Comment: The challenges multinationals face when setting up employee benefits

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Comment: The challenges multinationals face when setting up employee benefits

Employee benefits. The title says it all. These are meant to be services and contracts put in place for the benefit of the employee. Sadly, this is not always the case, as Annette Balcombe explains.

Benefit programs have traditionally been built for employees working in the country where they were born, where the domicile and residency does not change. However, as the global workforce becomes increasingly mobile, these country-specific programs are often found unfit for purpose, and in some cases are not offered at all.

The challenges that international corporations face are numerous, and encompass everything from local regulations and legislation, to currency, flexibility and portability. Maintaining a fair and equitable benefits package for those who become globally mobile provides unique challenges.

The challenges that international corporations face are numerous, and encompass everything from local regulations and legislation, to currency, flexibility and portability."

Historically, expatriate workers were given increased pay to compensate for, in most cases, losing the benefits packages offered to head office employees. Offering benefits packages that mirror those of head office, for mobile workers, is a challenge for employers due to the adherence to local regulations of potentially numerous jurisdictions. This complexity meant that it was a challenge to offer a vast range of employee benefits to mobile employees, leaving the onus on them to source their own benefits plans, in accordance with the local regulations of their working jurisdiction.

In today's climate where HR departments have grown, alongside the rise of the mobile workforce, and there is now considerable pressure placed upon employers to set up benefit structures that are not only available to all, but are broadly equivalent.

The interconnecting complexities of legislation, tax, currency and regulation when operating in multiple locations, create a need to have a global jurisdictional approach when looking at establishing benefit structures. The time taken to set up individual plans in specific jurisdictions is increasingly inefficient for multinational businesses, particularly with the rise of mobile workforces.

Many companies often underestimate the sheer time and resource needed to individually set up plans for each jurisdiction in which they operate. The trend is towards a multi-jurisdiction approach, for ease, and to reduce complexity for employers, while ensuring that employees, wherever they work, have access to savings and pension plans.

For example, setting up an international pension plan, mirroring the head office's plan, for global migrating employees may not only be impractical, but also undesirable. The NGO and ‘not for profit' sectors, who have traditionally paid a cash alternative to a benefits plan for international staff, are increasingly looking at benefits in a ‘gratuity' based system, similar to that offered in the Gulf, for example.

That is not to say that a properly constituted international pension plan wouldn't be preferable, and with the right jurisdiction, desirable. Looking at double tax treaties can resolve double-taxation issues when considering retirement planning, even for US employees working outside of the USA.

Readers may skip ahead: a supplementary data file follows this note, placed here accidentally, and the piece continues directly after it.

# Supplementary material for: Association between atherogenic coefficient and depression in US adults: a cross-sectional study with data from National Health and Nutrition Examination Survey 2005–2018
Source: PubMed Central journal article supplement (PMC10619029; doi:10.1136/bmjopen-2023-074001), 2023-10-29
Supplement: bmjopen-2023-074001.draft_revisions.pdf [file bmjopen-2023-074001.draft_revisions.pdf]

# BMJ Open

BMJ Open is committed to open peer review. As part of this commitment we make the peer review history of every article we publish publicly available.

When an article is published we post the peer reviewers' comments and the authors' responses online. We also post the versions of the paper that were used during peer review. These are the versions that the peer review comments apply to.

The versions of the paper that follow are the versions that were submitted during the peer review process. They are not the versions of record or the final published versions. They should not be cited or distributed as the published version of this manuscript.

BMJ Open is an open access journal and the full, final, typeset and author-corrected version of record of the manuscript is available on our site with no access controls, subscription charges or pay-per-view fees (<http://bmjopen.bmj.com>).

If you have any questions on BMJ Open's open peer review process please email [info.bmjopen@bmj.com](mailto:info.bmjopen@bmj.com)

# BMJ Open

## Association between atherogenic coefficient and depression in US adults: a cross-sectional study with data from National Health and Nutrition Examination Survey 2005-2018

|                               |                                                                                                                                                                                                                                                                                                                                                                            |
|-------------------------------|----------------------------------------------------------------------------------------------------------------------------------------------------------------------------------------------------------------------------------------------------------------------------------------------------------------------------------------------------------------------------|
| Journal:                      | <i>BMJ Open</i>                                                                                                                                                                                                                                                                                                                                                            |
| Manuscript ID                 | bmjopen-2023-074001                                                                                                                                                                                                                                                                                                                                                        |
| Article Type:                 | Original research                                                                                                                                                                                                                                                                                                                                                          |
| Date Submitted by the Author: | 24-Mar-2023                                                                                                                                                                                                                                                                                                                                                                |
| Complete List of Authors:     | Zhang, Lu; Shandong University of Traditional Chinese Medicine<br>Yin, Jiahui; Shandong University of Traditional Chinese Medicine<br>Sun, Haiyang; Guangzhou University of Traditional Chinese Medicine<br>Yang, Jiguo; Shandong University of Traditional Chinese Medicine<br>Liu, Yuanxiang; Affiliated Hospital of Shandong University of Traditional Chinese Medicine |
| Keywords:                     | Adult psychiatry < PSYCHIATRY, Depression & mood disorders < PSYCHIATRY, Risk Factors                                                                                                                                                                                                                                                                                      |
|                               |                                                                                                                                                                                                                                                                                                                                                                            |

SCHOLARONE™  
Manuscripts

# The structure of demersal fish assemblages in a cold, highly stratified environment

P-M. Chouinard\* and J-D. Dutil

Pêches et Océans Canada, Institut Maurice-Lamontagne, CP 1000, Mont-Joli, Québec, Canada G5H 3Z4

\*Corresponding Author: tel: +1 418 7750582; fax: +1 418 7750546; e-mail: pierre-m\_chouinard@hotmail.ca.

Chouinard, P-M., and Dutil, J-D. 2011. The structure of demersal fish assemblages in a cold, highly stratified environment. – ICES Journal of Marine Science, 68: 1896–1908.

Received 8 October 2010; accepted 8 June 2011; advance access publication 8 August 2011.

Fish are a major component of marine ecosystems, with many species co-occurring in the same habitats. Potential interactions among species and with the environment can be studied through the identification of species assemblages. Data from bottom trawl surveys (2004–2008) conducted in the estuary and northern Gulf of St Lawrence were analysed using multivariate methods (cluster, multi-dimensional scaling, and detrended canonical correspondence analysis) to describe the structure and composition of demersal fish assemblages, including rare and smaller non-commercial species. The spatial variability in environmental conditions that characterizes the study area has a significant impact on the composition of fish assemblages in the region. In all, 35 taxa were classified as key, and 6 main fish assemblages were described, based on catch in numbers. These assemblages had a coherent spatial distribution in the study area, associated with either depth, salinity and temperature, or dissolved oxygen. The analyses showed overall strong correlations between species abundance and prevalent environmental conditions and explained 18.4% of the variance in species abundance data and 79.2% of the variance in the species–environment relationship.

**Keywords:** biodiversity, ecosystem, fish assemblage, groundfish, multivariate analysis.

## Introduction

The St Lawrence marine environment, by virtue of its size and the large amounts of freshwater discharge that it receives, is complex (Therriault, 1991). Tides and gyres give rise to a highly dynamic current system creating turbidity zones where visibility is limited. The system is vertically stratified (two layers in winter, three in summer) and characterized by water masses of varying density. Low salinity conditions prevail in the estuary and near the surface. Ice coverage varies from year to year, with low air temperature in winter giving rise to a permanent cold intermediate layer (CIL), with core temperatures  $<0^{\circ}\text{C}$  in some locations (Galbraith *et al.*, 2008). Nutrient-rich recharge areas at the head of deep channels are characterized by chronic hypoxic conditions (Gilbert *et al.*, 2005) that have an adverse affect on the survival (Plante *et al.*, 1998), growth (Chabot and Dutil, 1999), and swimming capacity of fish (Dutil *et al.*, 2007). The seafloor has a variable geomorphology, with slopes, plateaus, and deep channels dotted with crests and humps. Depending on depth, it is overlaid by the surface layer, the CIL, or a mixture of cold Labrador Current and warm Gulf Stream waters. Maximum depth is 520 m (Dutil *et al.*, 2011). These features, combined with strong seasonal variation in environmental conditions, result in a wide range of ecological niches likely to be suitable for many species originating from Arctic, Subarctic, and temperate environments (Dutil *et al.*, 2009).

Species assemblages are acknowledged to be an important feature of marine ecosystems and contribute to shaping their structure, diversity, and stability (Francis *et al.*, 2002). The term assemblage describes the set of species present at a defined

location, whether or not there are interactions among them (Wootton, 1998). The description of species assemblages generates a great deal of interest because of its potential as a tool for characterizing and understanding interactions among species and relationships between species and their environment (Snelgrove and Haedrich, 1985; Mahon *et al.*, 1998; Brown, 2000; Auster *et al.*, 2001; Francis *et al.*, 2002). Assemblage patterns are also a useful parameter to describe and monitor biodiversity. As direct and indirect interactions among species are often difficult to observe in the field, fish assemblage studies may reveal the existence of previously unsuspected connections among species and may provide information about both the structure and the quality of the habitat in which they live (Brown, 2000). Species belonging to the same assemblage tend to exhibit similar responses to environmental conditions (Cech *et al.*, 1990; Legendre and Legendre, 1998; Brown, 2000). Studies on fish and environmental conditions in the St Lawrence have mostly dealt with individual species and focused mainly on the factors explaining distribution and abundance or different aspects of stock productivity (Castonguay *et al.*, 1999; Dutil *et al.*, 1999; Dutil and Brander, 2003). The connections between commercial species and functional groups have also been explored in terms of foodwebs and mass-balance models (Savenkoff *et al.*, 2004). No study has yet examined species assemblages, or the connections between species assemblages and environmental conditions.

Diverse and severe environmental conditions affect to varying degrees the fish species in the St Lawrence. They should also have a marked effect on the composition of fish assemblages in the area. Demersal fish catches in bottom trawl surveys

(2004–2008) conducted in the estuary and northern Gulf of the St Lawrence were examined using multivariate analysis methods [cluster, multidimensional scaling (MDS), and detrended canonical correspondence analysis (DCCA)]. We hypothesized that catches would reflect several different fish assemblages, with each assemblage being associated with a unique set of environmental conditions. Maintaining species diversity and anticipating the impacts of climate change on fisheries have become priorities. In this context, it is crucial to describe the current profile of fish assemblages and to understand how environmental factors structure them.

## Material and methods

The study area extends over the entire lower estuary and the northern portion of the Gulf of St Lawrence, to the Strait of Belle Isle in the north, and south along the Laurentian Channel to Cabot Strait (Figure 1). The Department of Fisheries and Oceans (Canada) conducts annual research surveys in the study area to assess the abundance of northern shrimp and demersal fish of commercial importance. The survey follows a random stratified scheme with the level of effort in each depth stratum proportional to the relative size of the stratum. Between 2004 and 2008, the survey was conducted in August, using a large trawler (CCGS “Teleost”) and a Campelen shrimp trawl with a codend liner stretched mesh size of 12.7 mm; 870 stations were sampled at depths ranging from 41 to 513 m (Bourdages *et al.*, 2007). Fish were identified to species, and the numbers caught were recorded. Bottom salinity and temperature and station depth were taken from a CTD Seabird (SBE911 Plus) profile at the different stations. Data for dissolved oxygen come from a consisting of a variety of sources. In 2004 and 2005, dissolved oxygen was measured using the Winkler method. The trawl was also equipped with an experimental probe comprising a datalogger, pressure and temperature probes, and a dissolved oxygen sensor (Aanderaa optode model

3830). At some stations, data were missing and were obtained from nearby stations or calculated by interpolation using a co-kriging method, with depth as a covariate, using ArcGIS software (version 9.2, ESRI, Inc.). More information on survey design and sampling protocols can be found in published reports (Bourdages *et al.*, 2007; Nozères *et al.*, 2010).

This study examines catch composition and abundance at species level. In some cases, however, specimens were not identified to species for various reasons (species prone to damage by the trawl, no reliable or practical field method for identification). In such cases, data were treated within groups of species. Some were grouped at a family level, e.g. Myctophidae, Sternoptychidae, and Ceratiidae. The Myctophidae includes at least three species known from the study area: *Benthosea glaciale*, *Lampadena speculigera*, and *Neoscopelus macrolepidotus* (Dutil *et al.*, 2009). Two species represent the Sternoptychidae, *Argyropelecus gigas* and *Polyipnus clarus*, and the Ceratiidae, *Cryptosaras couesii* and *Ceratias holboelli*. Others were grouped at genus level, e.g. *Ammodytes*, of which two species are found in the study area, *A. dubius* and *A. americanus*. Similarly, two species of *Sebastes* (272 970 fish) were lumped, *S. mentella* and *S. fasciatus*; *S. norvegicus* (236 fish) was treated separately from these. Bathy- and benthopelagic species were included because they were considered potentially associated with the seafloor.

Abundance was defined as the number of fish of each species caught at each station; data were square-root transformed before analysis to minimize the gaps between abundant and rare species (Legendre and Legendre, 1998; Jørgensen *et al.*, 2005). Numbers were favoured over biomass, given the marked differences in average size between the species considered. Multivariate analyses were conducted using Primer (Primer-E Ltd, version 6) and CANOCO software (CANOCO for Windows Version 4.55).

Keeping up with new regulations and legislation when operating across multiple jurisdictions is a challenge that all multinationals face, and the same is true when setting up employee benefits. 

End of service gratuities (EOSG) are changing in the UAE. The Dubai International Finance Centre (DIFC) is the first jurisdiction to implement a mandatory savings scheme, known as DEWS (DIFC Employee Workplace Savings) in place of ongoing EOSG accrual. There will be a centrally controlled offering, which will begin on 1 January 2020, and replaces the normally unfunded gratuity, with a funded defined contribution plan, with a minimum level of employer contribution fixed in law, depending upon length of service. There will be an opportunity for employers to opt-out to a suitably qualifying alternative arrangement.

One unexpected benefit to members of these arrangements will be the full disclosure of fees and charges so often obscured in the international savings market. This should give employees comfort when looking to make additional voluntary contributions.

It is believed that the introduction of DEWS will be the beginning of a revolution in workplace savings throughout the Gulf region, ensuring a stable financial future for employees.

We have also seen the creation of new innovative savings vehicles such as the Jersey International Savings Plan. Savings plans are offered the world over, but Jersey could be an ideal jurisdiction for international employers setting up international savings plans with their robust regulatory framework and political and economic stability. Jersey's international savings plan product is approved by the Jersey tax authorities, and is an example of the island's sophisticated legal framework.

Finally, there is the issue of technology. Long gone are the days of an annual pension statement sent out in the post. Today's employees expect to be able to log on and view their benefits with  a swipe of their finger. They expect to upload documents, change investments and request information.

A benefits package that is fit for all employees, especially those that are mobile, therefore has to not only be creative, but jurisdictionally sensitive and available on a suitable platform driven by the latest technology.

Annette Balcombe is a global technical specialist for employee benefits at TMF Group

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